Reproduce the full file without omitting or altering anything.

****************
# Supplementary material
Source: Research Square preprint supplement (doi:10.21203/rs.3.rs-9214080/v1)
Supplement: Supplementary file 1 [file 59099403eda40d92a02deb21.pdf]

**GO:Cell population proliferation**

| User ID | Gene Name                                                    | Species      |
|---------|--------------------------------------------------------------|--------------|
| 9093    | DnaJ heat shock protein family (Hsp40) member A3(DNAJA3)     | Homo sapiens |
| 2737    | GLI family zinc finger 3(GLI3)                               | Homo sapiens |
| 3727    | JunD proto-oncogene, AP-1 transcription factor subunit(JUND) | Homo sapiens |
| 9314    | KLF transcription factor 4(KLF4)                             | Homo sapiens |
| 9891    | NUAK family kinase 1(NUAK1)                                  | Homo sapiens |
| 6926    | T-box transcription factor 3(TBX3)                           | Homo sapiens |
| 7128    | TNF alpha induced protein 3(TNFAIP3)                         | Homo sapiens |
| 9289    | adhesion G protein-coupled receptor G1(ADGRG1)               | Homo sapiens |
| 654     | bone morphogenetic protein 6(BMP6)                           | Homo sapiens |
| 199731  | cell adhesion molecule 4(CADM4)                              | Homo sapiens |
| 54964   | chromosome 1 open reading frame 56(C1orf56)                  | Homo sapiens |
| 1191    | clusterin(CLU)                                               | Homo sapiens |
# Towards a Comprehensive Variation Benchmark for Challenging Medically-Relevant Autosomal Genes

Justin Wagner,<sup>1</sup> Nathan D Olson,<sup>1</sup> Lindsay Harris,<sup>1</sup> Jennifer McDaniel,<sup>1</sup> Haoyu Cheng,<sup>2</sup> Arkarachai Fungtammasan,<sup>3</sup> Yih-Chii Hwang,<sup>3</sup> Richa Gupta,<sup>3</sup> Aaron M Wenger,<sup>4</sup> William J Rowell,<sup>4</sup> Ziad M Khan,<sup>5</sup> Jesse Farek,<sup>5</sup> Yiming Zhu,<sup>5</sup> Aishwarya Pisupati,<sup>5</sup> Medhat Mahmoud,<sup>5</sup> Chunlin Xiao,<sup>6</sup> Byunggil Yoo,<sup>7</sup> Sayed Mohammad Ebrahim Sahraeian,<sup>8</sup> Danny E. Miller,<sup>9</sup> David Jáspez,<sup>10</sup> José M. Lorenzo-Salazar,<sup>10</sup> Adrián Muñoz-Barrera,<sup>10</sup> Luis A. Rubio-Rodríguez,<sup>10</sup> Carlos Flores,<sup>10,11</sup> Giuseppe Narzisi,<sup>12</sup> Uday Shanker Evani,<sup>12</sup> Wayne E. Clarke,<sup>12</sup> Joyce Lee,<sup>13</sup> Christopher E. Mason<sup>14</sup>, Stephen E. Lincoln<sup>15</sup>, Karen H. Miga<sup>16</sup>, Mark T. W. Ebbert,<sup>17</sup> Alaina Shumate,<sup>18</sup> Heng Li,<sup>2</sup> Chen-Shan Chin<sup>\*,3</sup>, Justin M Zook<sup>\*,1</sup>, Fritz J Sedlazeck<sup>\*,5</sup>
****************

# Supplementary material
Source: Research Square preprint supplement (doi:10.21203/rs.3.rs-9214080/v1)
Supplement: Supplementary file 1 [file 59099403eda40d92a02deb21.pdf]

**GO:Cell population proliferation**

| User ID | Gene Name                                                    | Species      |
|---------|--------------------------------------------------------------|--------------|
| 9093    | DnaJ heat shock protein family (Hsp40) member A3(DNAJA3)     | Homo sapiens |
| 2737    | GLI family zinc finger 3(GLI3)                               | Homo sapiens |
| 3727    | JunD proto-oncogene, AP-1 transcription factor subunit(JUND) | Homo sapiens |
| 9314    | KLF transcription factor 4(KLF4)                             | Homo sapiens |
| 9891    | NUAK family kinase 1(NUAK1)                                  | Homo sapiens |
| 6926    | T-box transcription factor 3(TBX3)                           | Homo sapiens |
| 7128    | TNF alpha induced protein 3(TNFAIP3)                         | Homo sapiens |
| 9289    | adhesion G protein-coupled receptor G1(ADGRG1)               | Homo sapiens |
| 654     | bone morphogenetic protein 6(BMP6)                           | Homo sapiens |
| 199731  | cell adhesion molecule 4(CADM4)                              | Homo sapiens |
| 54964   | chromosome 1 open reading frame 56(C1orf56)                  | Homo sapiens |
| 1191    | clusterin(CLU)                                               | Homo sapiens |
# Towards a Comprehensive Variation Benchmark for Challenging Medically-Relevant Autosomal Genes

Justin Wagner,<sup>1</sup> Nathan D Olson,<sup>1</sup> Lindsay Harris,<sup>1</sup> Jennifer McDaniel,<sup>1</sup> Haoyu Cheng,<sup>2</sup> Arkarachai Fungtammasan,<sup>3</sup> Yih-Chii Hwang,<sup>3</sup> Richa Gupta,<sup>3</sup> Aaron M Wenger,<sup>4</sup> William J Rowell,<sup>4</sup> Ziad M Khan,<sup>5</sup> Jesse Farek,<sup>5</sup> Yiming Zhu,<sup>5</sup> Aishwarya Pisupati,<sup>5</sup> Medhat Mahmoud,<sup>5</sup> Chunlin Xiao,<sup>6</sup> Byunggil Yoo,<sup>7</sup> Sayed Mohammad Ebrahim Sahraeian,<sup>8</sup> Danny E. Miller,<sup>9</sup> David Jáspez,<sup>10</sup> José M. Lorenzo-Salazar,<sup>10</sup> Adrián Muñoz-Barrera,<sup>10</sup> Luis A. Rubio-Rodríguez,<sup>10</sup> Carlos Flores,<sup>10,11</sup> Giuseppe Narzisi,<sup>12</sup> Uday Shanker Evani,<sup>12</sup> Wayne E. Clarke,<sup>12</sup> Joyce Lee,<sup>13</sup> Christopher E. Mason<sup>14</sup>, Stephen E. Lincoln<sup>15</sup>, Karen H. Miga<sup>16</sup>, Mark T. W. Ebbert,<sup>17</sup> Alaina Shumate,<sup>18</sup> Heng Li,<sup>2</sup> Chen-Shan Chin<sup>\*,3</sup>, Justin M Zook<sup>\*,1</sup>, Fritz J Sedlazeck<sup>\*,5</sup>